Bear facts of a paradox
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The story of the fate of Bruno the bear is an affecting tale of our times. Bruno owed both his life and death to modernity: he was alive because of its concern - and was killed because of its concern. Who, he might have asked as he breathed his last, can understand these humans?
Bruno was Italian. Indeed, the name he was given was probably simply his description in Italian - orso bruno, or brown bear. He had been used to the quiet life in a nature park called Adamello-Brenta, high in the mountains of the Alto Adige, in the extreme north-east of Italy. His parents were first-generation immigrants, having been introduced back into the area where they had been rendered almost extinct by the depredations of hunters. They had, in the course of being transplanted, also got used to humans - and so (one theory goes) Bruno had not had the customary parental warnings about the advisability of staying away from them. His mother might have told him, they are usually only after one thing: your skin. But she probably didn’t.
He thus wandered carefree away from the family - first into Austria, just over the border - and then over another border, into Bavaria in southern Germany. Here was an area more heavily populated than the natural park, and Bruno began to be spotted rooting around the dustbins of towns and villages and, less innocently, killing a sheep when he felt like a square meal. The Bavarian state government got worried and hired a team of Finns to track Bruno and knock him out with a stun gun. Though they were supposed to know something about stunning bears, the Finns could never get near enough to fire the knock-out shot. After two weeks, when their dogs collapsed with exhaustion, they gave up.
The Bavarian government then declared open season on Bruno, and the next day a group of Bavarian hunters, licensed to kill, shot him in the early hours of the morning.
The animal lobby has since had a field day. Hubert Weinzierl, president of Deutschen Naturschutzrings, the German environmental protection association, called the shooting “the dumbest of all solutions”. BundJugend, a youth environmental group, said it was a “tragedy for Bavarian nature protection”. Jorn Ehlers of the WWF, the global wildlife conservation organisation, introduced a Dickensian death-of-little-Bruno note, saying, “Bruno found his way into our hearts.”
Bruno, however, had also found his way into villages, sheep pens and the hutch of a little girl’s guinea pig. At one point, drunk with success, he had a rest opposite a local police station (where Bavaria’s finest were at the time is not reported). And so the authorities, while sorry and all that, weren’t penitent. “It’s not that we don’t welcome bears in Bavaria. It’s just that this one wasn’t behaving properly,” Otmar Bernhard, an official with Bavaria’s environment ministry, said. “The bear kept wandering into populated areas. We didn’t have much choice.”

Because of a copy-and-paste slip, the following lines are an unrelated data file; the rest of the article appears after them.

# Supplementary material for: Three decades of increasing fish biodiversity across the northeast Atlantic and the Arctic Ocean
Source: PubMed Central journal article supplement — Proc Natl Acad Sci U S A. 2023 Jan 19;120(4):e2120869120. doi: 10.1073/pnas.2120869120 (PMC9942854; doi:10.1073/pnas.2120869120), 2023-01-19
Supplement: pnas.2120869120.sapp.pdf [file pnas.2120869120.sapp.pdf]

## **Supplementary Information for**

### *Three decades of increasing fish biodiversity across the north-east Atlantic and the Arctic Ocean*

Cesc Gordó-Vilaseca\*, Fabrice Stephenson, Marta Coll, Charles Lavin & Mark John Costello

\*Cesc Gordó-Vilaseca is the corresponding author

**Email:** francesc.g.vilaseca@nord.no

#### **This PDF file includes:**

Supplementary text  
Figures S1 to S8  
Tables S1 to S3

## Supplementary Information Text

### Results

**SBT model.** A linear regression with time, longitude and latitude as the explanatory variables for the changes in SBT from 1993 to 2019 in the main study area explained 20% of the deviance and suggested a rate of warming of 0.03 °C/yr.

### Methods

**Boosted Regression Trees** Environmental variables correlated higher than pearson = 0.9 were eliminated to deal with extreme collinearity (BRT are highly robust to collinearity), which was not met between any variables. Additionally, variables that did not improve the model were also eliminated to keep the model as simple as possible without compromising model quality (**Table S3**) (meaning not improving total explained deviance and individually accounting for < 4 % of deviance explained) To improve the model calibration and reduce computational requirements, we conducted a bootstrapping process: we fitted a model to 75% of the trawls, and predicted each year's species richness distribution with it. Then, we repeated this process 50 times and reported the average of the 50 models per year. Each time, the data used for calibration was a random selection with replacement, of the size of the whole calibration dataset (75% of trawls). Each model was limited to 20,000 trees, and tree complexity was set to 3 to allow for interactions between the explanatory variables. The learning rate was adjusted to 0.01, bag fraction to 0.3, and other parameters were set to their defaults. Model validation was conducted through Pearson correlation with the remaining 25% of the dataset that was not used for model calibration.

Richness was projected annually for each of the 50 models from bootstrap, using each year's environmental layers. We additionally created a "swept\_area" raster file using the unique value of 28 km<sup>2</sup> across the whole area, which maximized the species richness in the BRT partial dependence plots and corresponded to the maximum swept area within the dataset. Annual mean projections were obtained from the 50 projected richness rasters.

I am with Bernhard on this one, but I feel Bruno’s pain. He was a spoilt child of a newly powerful, globally organised lobby: that which sees it as the duty of civilised states to provide habitats for all animals, to preserve all species possible and, where they are threatened with extinction, to take active steps to preserve them. His parents, as the first beneficiaries of this, would have been properly grateful; Bruno took good fortune for granted, as the young so often do. His life had been made possible by the intervention of humans: why should he not take their guinea pigs and their sheep, without any expectation of retribution?
On the other hand, there are the Bruno-slaying Bavarian authorities. You don’t need to be Steven Spielberg to visualise what was going through their minds. Say the little girl had materialised during the guinea-pig caper and tried to argue the toss. Bruno might have resorted to a dismissive swipe, which might have been the end of the little girl’s throat. The WWF would not, it’s safe to say, put out a press release congratulating the Bavarian authorities for allowing Bruno to continue in freedom. The authorities would have been naked before the wrath of right-thinking people and tabloid newspapers everywhere.
For it is the case that another great movement of the modern age is the passion to avoid risk. It’s now assumed, by much of the public in the rich and contented states, that almost all risks should be avoided; that if they are not, the authorities are to blame; and that since they are, inquiries and commissions must be set up to name and shame. Risk is now the great inhibitor - so much so that people of business and enterprise are worried about its effects. Britain’s Royal Society for the encouragement of Arts, Manufactures and Commerce has set up a Risk Commission, to see how much of our fear is really necessary - and to help us live with what risks we cannot sensibly avoid.
Risks, as we see them, are produced by modernity. As sociologists have pointed out, they used to be a fear of what nature would do to us. Now, they are more often seen as arising from what we do to nature - warming the globe, genetically engineering food, or polluting large swathes of the ecology.
Bruno harked back a century or so, to a natural risk. The product of a feeling of guilt for past slaughters of non-human beasts, he fell prey to a feeling of guilt for future accidents that should have been prevented. He was in every sense a tragic bear, and somebody should write a play or - in the tradition of his native land - an opera about him. It would be very sad, but like the best of classical tragedy, it would have an inexorable logic. It could be Luciano Pavarotti’s last big role: he already looks the part.
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